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The Dimwit's Dictionary: 5,000 Overused Words and Phrases and Alternatives to Them [Paperback]

Robert Hartwell Fiske , Joseph Epstein
4.1 out of 5 stars  See all reviews (7 customer reviews)

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The Dimwit's Dictionary: More Than 5,000 Overused Words and Phrases and Alternatives to Them The Dimwit's Dictionary: More Than 5,000 Overused Words and Phrases and Alternatives to Them
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Product Description

Book Description

This compilation of overused words and phrases is the ultimate tool for the writer who seeks to weed out common, tired language and replace it with concise writing.

About the Author

Robert Hartwell Fiske is also the author of The Dictionary of Concise Writing. He is the editor/publisher of the Vocabula Review, an online journal about the English language.

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Customer Reviews

4.1 out of 5 stars
4.1 out of 5 stars
Most helpful customer reviews
5.0 out of 5 stars You're a dimwit if you don't get this dictionary Nov. 26 2003
Format:Paperback
'Manglish' ~ the act of mangling the English language ~ is sadly alive and thriving in the world. And many writers aren't helping just adding to the growing trend of misspellings, tautologies and clichés as well as hackneyed metaphors, inane expressions and bloated or weak writing.
Fortunately, help is at hand. Robert Hartwell Fiscke has produced two powerful, literary weapons for protectors of the language ~ The Dimwit's Dictionary: 5000 Overused Words and Phrases and Alternatives to Them and The Dictionary of Concise Writing: 10,000 Alternatives to Wordy Phrases.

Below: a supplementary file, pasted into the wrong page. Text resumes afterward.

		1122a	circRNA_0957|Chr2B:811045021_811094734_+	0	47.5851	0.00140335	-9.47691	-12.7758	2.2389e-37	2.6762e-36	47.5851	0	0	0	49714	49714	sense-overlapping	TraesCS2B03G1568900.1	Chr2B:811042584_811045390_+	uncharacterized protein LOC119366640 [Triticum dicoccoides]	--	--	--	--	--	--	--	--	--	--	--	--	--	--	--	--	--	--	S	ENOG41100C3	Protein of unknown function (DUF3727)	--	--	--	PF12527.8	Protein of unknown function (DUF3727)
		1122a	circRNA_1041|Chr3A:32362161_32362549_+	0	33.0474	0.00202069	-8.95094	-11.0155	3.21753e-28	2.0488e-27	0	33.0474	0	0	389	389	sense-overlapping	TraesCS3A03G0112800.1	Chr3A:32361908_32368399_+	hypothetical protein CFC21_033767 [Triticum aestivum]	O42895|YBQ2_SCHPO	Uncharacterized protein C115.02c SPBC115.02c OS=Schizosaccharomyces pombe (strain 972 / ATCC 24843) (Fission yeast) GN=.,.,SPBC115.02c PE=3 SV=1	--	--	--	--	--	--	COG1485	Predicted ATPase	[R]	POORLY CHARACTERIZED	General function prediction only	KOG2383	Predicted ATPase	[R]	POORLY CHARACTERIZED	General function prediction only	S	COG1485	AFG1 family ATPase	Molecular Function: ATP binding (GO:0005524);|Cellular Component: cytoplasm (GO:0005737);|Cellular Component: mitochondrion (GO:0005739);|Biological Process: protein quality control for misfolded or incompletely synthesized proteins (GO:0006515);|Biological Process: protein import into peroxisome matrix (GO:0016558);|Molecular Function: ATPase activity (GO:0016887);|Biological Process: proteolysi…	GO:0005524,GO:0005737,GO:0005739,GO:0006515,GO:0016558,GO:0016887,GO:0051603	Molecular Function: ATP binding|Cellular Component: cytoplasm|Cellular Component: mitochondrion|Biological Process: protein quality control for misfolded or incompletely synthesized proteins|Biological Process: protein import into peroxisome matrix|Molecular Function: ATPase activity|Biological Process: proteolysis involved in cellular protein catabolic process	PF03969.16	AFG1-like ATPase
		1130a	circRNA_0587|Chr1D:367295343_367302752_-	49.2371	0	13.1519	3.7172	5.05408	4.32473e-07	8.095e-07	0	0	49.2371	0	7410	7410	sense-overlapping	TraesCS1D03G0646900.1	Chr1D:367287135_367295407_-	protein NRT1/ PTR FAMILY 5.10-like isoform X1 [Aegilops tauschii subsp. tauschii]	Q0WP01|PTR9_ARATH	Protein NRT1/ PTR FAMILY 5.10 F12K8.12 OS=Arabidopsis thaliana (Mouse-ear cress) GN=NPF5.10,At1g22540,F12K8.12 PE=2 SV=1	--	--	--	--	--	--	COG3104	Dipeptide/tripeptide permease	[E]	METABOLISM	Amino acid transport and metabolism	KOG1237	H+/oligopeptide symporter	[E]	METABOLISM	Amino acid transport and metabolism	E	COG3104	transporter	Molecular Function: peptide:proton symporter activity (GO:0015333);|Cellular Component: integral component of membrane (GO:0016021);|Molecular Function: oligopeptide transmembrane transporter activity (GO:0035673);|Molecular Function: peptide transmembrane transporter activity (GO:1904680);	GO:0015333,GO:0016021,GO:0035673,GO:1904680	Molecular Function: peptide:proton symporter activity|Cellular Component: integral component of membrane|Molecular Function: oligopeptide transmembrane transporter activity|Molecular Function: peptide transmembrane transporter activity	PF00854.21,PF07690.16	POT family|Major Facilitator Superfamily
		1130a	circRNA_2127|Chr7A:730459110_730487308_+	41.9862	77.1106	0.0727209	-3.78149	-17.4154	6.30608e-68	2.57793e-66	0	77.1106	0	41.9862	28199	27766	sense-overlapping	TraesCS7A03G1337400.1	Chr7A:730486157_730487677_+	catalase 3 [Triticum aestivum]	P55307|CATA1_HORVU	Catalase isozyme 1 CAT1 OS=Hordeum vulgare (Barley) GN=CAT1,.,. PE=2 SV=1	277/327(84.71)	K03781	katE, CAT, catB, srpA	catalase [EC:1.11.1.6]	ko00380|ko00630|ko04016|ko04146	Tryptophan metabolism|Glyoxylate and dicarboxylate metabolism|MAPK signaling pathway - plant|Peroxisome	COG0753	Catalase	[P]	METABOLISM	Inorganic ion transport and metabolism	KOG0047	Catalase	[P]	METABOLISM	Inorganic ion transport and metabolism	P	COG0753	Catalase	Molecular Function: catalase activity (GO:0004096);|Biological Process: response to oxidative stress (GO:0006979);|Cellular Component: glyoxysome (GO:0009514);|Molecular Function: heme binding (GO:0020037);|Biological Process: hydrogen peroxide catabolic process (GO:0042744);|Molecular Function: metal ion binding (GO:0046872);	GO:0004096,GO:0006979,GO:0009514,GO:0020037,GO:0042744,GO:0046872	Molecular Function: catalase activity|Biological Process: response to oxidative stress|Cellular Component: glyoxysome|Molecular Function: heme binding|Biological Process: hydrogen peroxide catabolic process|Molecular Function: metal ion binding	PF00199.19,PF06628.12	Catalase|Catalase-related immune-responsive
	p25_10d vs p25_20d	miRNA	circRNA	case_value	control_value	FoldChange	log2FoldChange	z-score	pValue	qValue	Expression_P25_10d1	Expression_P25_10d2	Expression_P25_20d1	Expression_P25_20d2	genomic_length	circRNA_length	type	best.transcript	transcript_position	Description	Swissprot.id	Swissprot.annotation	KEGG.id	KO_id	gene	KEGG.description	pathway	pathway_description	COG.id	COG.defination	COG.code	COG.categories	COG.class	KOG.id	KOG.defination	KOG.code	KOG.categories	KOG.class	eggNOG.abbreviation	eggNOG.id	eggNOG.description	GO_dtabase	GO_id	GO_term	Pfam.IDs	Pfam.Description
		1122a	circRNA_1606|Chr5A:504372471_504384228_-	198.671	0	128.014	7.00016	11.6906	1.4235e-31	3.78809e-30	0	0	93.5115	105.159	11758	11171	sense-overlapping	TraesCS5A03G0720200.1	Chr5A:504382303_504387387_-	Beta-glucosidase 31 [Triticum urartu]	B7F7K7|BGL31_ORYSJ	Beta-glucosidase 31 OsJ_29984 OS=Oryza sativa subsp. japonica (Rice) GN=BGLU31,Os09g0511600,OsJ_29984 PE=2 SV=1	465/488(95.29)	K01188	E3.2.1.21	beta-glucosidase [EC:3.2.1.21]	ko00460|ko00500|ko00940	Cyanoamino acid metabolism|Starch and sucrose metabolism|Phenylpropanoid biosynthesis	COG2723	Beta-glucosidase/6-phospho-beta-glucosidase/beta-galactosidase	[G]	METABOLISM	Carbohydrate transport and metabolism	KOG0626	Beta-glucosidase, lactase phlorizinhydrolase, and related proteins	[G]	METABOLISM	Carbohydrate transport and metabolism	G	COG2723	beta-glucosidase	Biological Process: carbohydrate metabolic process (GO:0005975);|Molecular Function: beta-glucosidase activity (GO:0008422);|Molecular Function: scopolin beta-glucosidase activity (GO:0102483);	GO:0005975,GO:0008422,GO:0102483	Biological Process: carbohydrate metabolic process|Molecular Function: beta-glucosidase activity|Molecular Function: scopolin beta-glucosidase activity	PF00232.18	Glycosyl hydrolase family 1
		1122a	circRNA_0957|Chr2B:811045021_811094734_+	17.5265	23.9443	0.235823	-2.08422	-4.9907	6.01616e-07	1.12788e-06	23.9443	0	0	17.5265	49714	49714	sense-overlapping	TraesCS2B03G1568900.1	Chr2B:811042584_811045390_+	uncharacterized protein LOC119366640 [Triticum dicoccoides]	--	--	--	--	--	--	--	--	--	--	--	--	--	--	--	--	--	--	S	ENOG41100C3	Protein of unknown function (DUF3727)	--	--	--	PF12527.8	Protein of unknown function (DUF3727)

The key to good writing, according to Fiske who is also the author and publisher of The Vocabula Review (an online journal about the English language), is concise and precise writing ~ and that's just what he offers with these two excellent reference books.
At first glance, you may be offended by the Dimwit's title ~ what person would buy a book which suggests he or she is a dimwit? Well, after leafing through it, you'll know why you bought it and maybe even refer to some of your past efforts as dimwit. I know I did.
The 400-page book is divided into two parts. The first examines a wide range of examples of lazy and weak writing, showing scribes how to improve useage through better word choices and creativity with the language.
Part two is the dictionary portion of the volume. It offers literally an A to Z guide of thousands of overused words and phrases, and provides fresh alternatives.
As Fiske explains from the outset: "Dimwitticisms are worn-out words and phrases; they are expressions that dull our reason and dim our insight, formulas that we rely on when we are too lazy to express what we think or even to discover how we feel.
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5.0 out of 5 stars Should be cover-to-cover reading Dec 8 2002
Format:Paperback